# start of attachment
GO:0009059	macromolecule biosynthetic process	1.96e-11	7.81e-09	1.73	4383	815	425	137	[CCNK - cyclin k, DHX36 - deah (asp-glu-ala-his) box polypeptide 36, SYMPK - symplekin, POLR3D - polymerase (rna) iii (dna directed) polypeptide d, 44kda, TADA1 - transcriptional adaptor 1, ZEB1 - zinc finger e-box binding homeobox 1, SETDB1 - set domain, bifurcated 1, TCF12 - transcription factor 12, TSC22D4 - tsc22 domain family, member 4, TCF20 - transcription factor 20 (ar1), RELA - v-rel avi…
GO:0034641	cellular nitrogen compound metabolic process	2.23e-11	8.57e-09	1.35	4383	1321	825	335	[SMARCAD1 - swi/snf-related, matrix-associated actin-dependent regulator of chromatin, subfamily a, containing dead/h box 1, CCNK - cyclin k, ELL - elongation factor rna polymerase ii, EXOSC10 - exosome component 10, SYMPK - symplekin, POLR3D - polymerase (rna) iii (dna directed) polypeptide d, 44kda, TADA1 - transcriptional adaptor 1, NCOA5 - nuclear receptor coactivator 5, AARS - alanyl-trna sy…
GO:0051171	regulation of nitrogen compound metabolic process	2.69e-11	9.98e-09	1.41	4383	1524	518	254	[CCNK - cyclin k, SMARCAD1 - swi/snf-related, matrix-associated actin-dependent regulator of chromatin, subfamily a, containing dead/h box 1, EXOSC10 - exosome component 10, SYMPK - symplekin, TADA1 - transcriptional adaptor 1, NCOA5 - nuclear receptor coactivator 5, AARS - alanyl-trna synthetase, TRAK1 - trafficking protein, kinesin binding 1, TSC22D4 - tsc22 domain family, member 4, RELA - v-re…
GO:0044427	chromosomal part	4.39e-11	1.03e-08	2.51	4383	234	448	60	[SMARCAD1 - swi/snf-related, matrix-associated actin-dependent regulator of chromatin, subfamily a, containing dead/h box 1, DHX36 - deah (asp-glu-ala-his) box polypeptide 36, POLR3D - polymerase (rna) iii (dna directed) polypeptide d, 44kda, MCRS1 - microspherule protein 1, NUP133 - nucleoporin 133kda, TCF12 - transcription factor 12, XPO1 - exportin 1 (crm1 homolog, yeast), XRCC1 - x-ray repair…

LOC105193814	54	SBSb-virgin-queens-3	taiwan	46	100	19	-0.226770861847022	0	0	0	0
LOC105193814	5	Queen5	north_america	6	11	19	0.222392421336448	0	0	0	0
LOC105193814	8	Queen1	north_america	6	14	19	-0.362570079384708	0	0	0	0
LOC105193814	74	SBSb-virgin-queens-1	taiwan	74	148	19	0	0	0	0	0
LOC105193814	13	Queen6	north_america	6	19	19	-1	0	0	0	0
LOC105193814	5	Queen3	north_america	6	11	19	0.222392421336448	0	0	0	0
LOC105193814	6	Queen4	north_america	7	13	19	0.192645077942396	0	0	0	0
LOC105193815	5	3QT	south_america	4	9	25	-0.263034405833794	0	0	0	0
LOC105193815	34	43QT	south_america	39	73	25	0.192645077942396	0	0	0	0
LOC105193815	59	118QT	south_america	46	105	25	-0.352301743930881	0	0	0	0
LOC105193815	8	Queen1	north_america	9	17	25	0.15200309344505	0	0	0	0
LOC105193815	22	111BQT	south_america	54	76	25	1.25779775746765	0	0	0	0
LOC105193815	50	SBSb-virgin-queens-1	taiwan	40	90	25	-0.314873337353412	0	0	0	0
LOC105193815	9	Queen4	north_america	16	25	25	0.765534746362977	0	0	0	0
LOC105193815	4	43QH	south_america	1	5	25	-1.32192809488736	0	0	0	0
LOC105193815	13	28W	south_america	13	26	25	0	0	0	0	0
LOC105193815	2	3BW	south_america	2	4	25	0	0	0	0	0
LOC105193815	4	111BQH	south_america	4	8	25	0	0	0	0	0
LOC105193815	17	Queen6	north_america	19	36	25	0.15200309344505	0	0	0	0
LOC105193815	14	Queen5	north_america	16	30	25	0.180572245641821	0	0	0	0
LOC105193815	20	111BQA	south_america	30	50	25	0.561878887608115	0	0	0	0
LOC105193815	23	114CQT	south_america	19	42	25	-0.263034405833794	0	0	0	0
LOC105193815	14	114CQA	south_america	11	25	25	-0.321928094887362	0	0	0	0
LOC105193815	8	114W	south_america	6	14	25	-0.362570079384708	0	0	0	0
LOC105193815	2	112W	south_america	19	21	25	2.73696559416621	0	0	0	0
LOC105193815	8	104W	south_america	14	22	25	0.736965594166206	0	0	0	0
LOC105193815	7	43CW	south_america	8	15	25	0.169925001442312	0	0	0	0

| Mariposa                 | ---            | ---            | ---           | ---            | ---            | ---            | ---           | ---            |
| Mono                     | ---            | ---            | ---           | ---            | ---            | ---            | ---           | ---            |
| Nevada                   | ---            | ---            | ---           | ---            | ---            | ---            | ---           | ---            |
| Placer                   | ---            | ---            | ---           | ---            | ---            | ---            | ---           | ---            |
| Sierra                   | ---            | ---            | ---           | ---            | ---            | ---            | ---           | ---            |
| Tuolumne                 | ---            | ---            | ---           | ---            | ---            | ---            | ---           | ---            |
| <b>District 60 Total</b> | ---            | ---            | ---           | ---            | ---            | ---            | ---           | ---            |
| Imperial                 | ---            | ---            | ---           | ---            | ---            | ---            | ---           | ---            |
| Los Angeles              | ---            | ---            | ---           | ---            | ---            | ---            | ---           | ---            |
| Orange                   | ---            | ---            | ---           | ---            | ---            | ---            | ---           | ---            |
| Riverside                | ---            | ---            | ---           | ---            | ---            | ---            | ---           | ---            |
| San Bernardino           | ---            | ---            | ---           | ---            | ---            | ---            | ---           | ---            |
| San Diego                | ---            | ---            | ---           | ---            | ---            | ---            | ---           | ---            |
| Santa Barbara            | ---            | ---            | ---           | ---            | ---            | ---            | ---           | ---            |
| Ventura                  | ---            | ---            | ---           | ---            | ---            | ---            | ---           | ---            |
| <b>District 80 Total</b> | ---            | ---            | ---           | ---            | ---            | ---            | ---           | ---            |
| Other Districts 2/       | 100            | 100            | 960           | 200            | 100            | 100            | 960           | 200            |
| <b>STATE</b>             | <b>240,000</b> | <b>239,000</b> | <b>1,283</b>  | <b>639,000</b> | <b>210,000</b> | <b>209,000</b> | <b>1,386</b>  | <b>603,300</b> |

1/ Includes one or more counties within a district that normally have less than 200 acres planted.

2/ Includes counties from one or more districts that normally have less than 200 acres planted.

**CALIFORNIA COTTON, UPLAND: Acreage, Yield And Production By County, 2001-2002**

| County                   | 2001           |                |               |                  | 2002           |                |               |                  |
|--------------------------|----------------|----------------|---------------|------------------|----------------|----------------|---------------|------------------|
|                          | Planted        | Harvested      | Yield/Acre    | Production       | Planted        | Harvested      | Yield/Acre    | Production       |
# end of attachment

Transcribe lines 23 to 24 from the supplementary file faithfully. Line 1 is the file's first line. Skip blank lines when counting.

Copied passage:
LOC105193815	17	Queen6	north_america	19	36	25	0.15200309344505	0	0	0	0
LOC105193815	14	Queen5	north_america	16	30	25	0.180572245641821	0	0	0	0